Male Monkeys Spy on Females to Win 'Sperm Competition'

by Rajshri on  April 3, 2008 at 3:31 PM Research News   - G J E 4
Male Monkeys Spy on Females to Win 'Sperm Competition'
Male Barbary macaques spy on their mates having sex so they can take part in a so-called 'sperm competition' and deposit their sperm in as many females as possible, a new study has indicated.

Hearing an ejaculatory call is a signal to other males that "sperm competition" for fertilisation has commenced, the study found.

Keen to get in on the race, other males will approach the female.

"There's a conflict between male and female reproductive success," New Scientist quoted Dana Pfefferle of the German Primate Center in Gottingen and study's lead researcher, as saying.

"Females should try to be choosy and get only the best male genetic material," she added.

Males, on the other hand, may be best off trying to fertilise as many females as possible.

When the females are infertile, they slightly modify the structure of the call, making the male less likely to ejaculate. Fertile females sometimes make non-ejaculatory calls as well.

In the study, the researchers Dana Pfefferle of the German Primate Center in Gottingen and her colleagues recorded ejaculatory and non-ejaculatory calls produced by both fertile and infertile female Barbary macaques (Macaca sylvanus) in "La Foret des Singes", a primate visiting centre in France where Barbary macaques roam freely.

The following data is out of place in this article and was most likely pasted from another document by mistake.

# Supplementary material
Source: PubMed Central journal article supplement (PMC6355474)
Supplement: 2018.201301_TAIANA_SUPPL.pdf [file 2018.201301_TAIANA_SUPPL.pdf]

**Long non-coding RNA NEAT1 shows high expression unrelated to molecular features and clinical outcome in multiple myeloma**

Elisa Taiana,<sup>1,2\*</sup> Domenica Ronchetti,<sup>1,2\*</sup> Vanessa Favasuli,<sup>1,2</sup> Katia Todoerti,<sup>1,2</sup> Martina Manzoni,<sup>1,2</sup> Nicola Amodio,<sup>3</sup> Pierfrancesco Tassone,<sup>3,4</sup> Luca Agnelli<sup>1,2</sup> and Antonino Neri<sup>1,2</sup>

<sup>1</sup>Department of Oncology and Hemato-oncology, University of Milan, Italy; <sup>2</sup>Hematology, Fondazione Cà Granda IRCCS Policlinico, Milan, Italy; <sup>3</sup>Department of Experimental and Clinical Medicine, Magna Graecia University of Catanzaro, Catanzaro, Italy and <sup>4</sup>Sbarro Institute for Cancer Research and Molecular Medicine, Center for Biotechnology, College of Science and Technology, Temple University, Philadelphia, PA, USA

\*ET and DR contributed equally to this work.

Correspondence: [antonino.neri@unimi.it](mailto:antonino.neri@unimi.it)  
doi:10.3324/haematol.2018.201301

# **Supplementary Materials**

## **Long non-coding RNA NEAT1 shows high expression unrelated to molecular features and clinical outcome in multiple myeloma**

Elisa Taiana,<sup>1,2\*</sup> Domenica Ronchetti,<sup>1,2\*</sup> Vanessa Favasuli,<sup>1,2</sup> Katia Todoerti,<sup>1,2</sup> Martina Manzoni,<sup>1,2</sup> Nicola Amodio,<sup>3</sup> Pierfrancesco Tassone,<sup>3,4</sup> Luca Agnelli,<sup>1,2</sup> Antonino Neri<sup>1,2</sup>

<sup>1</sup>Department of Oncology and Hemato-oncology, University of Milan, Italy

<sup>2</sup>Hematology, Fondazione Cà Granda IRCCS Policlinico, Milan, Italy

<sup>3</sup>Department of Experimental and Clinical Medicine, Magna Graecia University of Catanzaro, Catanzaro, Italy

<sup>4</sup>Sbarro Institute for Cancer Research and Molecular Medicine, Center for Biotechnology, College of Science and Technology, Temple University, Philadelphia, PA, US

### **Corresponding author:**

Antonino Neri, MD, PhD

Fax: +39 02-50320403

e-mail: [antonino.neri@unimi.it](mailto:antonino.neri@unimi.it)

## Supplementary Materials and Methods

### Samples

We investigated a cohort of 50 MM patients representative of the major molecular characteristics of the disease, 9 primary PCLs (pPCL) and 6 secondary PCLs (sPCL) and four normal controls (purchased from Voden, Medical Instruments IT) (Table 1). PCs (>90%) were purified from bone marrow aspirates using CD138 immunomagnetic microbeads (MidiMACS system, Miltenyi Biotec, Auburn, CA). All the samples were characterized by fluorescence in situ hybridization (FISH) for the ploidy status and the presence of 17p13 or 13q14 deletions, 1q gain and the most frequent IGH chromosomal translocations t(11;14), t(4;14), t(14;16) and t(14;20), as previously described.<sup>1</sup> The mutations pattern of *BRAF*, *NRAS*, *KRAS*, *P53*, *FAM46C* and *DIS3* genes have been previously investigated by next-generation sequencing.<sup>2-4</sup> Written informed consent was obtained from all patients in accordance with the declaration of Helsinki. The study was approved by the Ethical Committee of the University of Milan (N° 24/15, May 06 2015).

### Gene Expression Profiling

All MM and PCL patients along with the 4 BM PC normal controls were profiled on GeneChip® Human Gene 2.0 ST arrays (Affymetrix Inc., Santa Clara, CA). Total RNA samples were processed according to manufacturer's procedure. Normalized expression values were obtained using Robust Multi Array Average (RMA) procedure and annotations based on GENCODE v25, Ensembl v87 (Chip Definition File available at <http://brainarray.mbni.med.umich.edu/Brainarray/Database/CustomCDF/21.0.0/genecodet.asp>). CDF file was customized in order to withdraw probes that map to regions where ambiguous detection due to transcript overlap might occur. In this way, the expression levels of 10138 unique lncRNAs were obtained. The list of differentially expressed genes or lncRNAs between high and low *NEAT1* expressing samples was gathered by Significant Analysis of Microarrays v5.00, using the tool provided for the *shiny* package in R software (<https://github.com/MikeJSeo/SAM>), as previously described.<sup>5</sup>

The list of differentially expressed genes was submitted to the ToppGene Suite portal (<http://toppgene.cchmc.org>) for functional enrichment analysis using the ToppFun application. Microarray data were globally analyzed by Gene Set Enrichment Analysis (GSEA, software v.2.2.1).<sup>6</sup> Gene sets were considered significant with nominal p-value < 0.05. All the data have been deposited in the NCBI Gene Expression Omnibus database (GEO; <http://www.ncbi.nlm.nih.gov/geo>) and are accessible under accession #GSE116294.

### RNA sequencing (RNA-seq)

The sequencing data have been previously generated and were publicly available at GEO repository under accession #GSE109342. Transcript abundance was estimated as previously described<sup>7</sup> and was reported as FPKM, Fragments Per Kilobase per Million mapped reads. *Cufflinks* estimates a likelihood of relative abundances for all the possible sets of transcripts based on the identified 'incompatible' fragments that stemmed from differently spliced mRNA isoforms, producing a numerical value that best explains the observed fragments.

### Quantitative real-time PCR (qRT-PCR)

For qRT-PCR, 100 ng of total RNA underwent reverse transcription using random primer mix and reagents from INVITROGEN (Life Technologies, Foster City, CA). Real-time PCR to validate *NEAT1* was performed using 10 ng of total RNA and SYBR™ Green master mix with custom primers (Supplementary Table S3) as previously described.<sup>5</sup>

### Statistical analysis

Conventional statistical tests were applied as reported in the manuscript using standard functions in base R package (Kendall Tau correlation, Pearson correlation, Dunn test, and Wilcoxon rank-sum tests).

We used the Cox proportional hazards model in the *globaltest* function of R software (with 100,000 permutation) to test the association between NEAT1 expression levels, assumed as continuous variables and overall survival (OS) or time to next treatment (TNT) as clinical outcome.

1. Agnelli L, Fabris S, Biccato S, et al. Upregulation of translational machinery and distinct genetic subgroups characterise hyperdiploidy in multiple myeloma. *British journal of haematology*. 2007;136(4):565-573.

The scientists, then, hid a speaker in the park foliage, not far from a resting male, and played the recorded cries.

After listening to the cries, the males showed strong responses to ejaculatory calls. They turned around and looked in the direction from which the call came for roughly twice as long, and in some cases rose and approached the microphone.

Pfefferle made sure the recorded female was never around during the playback experiments, so the other males could not find her. Upon hearing the ejaculatory calls, males did however approach other females and checked their genitals for the swelling that indicates they are fertile.

Pfefferle said that the strategy adopted - whether females are choosy or promiscuous - depends on the species' social structure.

In case of Barbary macaques, females are all fertile at roughly the same time. During that period, females and males mate frequently and indiscriminately.

"It's all about sperm competition. I think the female wants to get as much sperm as possible to 'choose' which genetic material is passed on to her offspring," Pfefferle said.

The study is published in the journal Animal Behaviour.

Source: ANI

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